August 22, 2018
Leeway in Healthy Weight
Be Well

Leeway in Healthy Weight

by John Swartzberg, M.D.

Recently, a 65-year-old reader wrote to us about his problems achieving a healthy weight. When he retired four years ago, he weighed 260 pounds, at 5'10" tall. He changed the way he ate and started exercising more, and within a year dropped to 180 pounds, which is terrific. After that, he started losing ground, and now weighs 210 pounds.

“According to the BMI [body mass index] I should weigh in the low 170s,” he wrote. “I have not weighed that little since I played varsity basketball as a sophomore in high school. I still watch my diet, but I do treat myself occasionally. My doctor says I am healthy, and I take no medications. During the last four years, I work out four or five days a week at the gym with an hour of cardio on an elliptical trainer and half an hour of weight training. But my BMI says I am borderline obese. I want to be healthy and physically active, so I can achieve my goal of fly fishing around the world, but I do not need to be a pro athlete. How do I determine what’s a healthy weight for me???”

I’m sure a lot of you are in the same boat. Like this reader, you’re doing all the right things, but can’t come close to the desirable number on the weight chart. Keep in mind, BMI (a weight-to-height formula) is an imprecise tool, as are the other ways to assess weight, and its cutoff points are somewhat arbitrary. It doesn’t account for how much muscle you have or your body shape (carrying lots of excess pounds around your abdomen—but not your hips—is a cardiovascular risk factor). Your optimal weight depends on many factors, notably your fitness level, age, risk for various diseases and genes.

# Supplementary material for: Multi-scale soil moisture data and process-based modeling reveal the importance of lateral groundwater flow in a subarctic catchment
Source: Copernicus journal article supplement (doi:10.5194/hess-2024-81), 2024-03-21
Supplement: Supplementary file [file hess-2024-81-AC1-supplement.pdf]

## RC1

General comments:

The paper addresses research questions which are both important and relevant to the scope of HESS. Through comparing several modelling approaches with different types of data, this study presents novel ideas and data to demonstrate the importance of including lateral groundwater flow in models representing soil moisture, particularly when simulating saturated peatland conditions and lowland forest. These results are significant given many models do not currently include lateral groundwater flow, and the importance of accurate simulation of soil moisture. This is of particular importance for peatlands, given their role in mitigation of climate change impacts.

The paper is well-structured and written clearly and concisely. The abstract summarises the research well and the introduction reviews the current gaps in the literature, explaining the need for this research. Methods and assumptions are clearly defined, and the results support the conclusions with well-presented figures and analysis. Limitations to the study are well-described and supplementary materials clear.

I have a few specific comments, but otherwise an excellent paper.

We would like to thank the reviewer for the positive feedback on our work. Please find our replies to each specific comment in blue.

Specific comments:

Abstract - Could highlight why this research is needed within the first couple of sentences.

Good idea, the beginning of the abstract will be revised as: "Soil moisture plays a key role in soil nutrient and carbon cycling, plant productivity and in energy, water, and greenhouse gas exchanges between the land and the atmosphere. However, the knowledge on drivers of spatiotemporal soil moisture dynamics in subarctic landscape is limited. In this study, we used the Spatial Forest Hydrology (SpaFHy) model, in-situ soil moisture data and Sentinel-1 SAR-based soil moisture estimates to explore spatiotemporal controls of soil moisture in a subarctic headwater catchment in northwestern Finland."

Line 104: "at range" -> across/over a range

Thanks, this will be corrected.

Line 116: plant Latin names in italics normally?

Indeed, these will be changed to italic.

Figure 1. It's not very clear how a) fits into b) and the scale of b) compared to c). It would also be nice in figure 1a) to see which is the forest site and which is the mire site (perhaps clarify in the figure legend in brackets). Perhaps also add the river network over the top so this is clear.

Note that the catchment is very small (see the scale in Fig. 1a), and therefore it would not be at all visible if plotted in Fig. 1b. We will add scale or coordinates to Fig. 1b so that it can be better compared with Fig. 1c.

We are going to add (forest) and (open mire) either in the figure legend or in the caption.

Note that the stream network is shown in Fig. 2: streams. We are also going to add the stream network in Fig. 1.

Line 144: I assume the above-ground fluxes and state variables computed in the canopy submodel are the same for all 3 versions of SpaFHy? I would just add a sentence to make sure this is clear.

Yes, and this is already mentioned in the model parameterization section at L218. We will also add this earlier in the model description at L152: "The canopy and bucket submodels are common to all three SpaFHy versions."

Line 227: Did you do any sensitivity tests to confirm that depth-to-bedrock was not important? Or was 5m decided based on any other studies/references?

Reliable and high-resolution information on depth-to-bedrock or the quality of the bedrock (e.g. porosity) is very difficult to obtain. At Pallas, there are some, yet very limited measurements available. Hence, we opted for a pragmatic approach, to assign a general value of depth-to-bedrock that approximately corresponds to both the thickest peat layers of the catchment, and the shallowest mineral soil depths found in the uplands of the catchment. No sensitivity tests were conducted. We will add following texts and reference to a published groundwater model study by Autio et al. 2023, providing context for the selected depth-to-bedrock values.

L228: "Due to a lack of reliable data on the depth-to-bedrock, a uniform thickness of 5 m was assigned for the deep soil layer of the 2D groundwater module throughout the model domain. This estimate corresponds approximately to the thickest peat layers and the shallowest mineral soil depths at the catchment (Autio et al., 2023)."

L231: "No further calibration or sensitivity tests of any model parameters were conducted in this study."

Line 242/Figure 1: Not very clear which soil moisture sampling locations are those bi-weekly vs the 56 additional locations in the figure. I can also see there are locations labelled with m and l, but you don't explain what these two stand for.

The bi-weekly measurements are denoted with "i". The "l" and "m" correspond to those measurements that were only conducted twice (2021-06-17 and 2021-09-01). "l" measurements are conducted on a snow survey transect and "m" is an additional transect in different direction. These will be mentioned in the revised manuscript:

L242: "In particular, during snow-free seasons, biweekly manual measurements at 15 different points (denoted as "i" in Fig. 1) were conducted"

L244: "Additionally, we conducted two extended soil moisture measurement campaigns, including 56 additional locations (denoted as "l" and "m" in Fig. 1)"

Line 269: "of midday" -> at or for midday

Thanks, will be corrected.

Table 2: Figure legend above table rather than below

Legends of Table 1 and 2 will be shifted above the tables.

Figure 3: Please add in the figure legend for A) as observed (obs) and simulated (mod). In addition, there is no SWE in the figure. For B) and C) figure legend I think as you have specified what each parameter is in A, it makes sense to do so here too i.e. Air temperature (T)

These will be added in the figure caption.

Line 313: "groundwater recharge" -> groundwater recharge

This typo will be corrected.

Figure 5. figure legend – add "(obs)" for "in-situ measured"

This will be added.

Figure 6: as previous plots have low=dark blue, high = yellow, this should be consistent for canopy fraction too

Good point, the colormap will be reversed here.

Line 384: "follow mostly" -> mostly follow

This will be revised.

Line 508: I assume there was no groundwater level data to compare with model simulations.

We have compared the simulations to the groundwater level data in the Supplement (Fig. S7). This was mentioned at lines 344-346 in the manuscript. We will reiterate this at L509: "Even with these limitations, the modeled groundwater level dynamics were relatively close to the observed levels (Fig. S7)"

Moreover, while being obese has definite health risks, being merely overweight is a gray area. In April, for instance, we reported on a study of Australians age 70 to 75 that found that merely overweight people were less likely to die during the next decade than those who were underweight, obese or even normal weight. Those who were obese faced the greatest risk. Thus, guidelines defining overweight for younger people may not be appropriate at older ages. In fact, even for younger people, the health risks of being merely 10 to 30 pounds overweight are unclear. Some other good studies also suggest that being merely overweight is a healthy place to be, unless you have high blood pressure, high blood sugar or not-so-great cholesterol levels.

Back to our reader: You’re a success story. You’ve kept off 20 percent of your weight for five years. That’s better than nine out of ten dieters manage to do. Forget about your high school weight. The main thing is to make sure you don’t creep back up into the obese range. As long as your cholesterol, blood pressure and blood sugar numbers are okay, or only a little high, just try to stay below 200 or 210 pounds. That would keep you in the upper range of “overweight,” going by your BMI. Better yet, aim for 190. Make sure your waist is less than 40 inches (35 inches for women). Keep exercising and watching what you eat. And enjoy the fly fishing.